Gouvernement du Québec - Justice

De facto spouses

De facto spouses.It is now common in our society for two people to live together as a couple without being married or in a civil union. Their choice of lifestyle is known as a de facto union.

Do partners in a de facto union have rights, and do they have any legal obligations towards each other and their children? What is the legal status of a de facto union?

De facto unions and the law
Protecting your interests
Cohabitation contracts
   • Property
   • Sharing of responsibilities
   • Power of attorney
   • Gifts inter vivos
Family residence
   • Ownership
   • Rental
   • Rights and obligations
   • Legal recognition
End of relationship
   • Breakup
   • Death
Your rights and freedoms
   • Québec Legislation
   • Canadian Legislation
For more information

De facto unions and the law

Québec lawmakers, respecting the freedom of choice of couples living in a de facto union, have deliberately chosen not to extend to de facto couples the same rights and responsibilities that married or civil union couples have under the Civil Code of Québec, regardless of the number of years of cohabitation.

Although the Civil Code does not generally regulate the status of de facto spouses, certain laws, such as laws governing employment (social) assistance, legal aid, income tax, the Québec Pension Plan and workers' compensation, treat de facto spouses of the same or opposite sex as a couple.

Since rights and requirements under those laws vary, you should contact the government departments or bodies Clicking on this icon will take you to another website. that administer them to find out how they apply to you.

Protecting your interests

Your decision to live in a de facto union may well reflect a desire to base your lifestyle on principles of equality and free choice. To prevent misunderstandings and ensure fairness, your views about your life as a couple and as a family need to be made clear.

Verbal agreements are hard to prove so it would be prudent to put your arrangements in writing in a cohabitation contract1, which you would be advised to sign before a notary or a lawyer, with full knowledge of the consequences of the contract.

The contract cannot be amended or terminated unilaterally, that is by one spouse only. By mutual agreement, however, you and your spouse may make changes at any time as circumstances change or unexpected events occur. A cohabitation contract is the only protection you can give each other in terms of a legal framework for your relationship and constitutes conclusive proof of the terms of your agreement.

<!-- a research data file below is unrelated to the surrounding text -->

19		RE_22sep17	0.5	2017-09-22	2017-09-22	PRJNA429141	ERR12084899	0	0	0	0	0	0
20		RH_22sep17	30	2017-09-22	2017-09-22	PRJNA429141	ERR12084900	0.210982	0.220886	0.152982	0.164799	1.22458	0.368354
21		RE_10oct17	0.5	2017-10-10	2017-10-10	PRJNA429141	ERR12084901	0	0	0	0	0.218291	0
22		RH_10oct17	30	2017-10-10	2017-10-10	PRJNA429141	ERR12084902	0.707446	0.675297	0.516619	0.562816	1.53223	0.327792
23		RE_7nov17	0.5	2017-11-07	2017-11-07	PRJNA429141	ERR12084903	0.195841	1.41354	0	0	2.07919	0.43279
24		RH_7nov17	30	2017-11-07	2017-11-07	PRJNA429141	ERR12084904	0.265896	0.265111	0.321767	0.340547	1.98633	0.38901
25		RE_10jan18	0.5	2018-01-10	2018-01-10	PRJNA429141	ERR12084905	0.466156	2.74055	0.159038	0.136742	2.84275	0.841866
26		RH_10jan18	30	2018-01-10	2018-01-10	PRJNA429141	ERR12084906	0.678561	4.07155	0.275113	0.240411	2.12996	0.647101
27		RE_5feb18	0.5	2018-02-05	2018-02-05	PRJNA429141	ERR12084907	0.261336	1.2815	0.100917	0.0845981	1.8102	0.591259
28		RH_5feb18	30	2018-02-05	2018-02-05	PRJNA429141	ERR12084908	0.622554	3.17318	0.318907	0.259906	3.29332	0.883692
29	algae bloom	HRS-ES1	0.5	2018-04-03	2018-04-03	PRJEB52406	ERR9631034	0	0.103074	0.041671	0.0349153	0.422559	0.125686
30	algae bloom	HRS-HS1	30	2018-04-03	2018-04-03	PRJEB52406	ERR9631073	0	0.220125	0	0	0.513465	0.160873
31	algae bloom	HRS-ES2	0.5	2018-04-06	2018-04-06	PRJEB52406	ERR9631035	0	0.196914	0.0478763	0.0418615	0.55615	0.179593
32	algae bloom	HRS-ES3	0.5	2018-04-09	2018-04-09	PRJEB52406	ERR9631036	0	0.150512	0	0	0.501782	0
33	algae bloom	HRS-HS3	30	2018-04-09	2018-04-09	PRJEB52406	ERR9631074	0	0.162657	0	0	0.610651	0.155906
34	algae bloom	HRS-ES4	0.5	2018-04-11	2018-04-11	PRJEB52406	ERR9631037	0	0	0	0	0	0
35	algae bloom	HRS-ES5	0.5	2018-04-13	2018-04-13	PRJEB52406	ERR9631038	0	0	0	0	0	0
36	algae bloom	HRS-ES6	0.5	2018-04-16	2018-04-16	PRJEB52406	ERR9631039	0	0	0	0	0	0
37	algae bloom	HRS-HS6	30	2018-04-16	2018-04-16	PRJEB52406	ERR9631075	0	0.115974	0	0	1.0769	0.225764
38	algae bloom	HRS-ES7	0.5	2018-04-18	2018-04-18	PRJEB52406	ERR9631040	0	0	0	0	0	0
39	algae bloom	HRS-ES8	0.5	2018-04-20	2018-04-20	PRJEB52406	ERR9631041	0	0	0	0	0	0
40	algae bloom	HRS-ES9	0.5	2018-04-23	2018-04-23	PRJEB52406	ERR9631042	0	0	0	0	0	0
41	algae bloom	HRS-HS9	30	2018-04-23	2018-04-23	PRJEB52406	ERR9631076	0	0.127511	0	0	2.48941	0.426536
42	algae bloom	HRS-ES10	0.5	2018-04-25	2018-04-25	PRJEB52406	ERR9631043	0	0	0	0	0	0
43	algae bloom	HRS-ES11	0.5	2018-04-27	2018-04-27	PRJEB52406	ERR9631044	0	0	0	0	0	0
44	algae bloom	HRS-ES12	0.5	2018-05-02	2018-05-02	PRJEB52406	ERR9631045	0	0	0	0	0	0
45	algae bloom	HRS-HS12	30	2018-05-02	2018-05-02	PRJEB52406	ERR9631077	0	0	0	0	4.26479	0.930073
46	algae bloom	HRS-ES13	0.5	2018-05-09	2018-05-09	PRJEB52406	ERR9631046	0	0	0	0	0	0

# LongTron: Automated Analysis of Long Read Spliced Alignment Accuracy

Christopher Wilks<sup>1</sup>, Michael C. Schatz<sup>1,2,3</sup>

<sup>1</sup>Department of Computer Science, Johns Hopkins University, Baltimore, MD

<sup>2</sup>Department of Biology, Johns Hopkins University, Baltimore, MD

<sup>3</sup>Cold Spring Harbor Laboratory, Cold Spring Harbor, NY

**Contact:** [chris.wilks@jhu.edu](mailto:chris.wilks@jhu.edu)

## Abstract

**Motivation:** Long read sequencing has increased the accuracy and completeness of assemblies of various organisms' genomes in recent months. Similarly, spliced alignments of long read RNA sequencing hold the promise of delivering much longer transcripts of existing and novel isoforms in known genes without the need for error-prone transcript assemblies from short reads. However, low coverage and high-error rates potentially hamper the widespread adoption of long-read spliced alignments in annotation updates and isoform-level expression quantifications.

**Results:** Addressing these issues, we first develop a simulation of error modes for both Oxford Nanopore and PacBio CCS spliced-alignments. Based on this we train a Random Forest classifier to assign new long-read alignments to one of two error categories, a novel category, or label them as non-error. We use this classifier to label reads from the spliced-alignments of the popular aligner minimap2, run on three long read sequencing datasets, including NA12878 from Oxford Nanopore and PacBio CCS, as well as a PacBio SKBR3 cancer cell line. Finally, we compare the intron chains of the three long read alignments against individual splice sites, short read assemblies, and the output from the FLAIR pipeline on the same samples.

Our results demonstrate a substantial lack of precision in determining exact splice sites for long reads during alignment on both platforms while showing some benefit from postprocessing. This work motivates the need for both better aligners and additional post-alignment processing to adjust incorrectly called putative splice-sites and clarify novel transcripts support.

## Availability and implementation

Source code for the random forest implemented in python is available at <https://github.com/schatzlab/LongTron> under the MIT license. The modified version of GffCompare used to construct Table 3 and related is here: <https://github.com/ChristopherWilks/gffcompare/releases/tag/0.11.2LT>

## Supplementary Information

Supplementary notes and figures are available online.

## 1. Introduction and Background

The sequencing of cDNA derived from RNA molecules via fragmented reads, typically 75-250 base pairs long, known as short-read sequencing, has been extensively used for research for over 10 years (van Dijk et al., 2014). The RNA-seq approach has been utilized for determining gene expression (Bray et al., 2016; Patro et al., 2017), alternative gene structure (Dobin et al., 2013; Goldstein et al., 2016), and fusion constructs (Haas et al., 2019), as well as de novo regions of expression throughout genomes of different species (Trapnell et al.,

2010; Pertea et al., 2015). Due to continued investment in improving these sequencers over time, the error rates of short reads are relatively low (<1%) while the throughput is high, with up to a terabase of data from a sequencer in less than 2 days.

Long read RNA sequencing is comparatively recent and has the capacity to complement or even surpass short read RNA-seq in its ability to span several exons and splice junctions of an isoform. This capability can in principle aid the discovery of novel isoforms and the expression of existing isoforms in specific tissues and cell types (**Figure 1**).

A cohabitation contract can cover any aspect of daily life, establish arrangements concerning the children and the family residence, and even include provisions in the event of a breakup or death.

Cohabitation contracts


A cohabitation contract usually lists each spouse's assets and their exact value, as well as all household goods and the name of the owner(s). In addition to major items such as a car, a cottage and furniture, it is important to keep a record of all smaller items (linens, dishes, etc.), since their combined value may be considerable. It is in the interest of both spouses to identify and keep invoices; should one spouse sell or give away property belonging to the other, or to both of them, the aggrieved spouse can then take legal action.

In the event of a breakup, the property is divided in accordance with the terms of the contract, which cannot be altered by the court should court intervention be necessary.

Sharing of responsibilities

Each spouse's contribution to household expenses and shared responsibility for any debts you may have can be defined in the contract. Care should be taken not to allocate one spouse's income to a single item, such as groceries or childcare. Couples are free to choose the terms of their agreement, but it must be fair if disputes are to be avoided.

Power of attorney

When executing a cohabitation contract before a notary or lawyer, it is advisable to also sign a power of attorney authorizing the spouses to act on each other's behalf in specific circumstances. Should one of you suffer a serious illness or accident, a power of attorney will be required to settle such matters as the sale of your house in accordance with your wishes. Your relationship is not legally recognized, so why run the risk of finding yourself entangled in legal problems?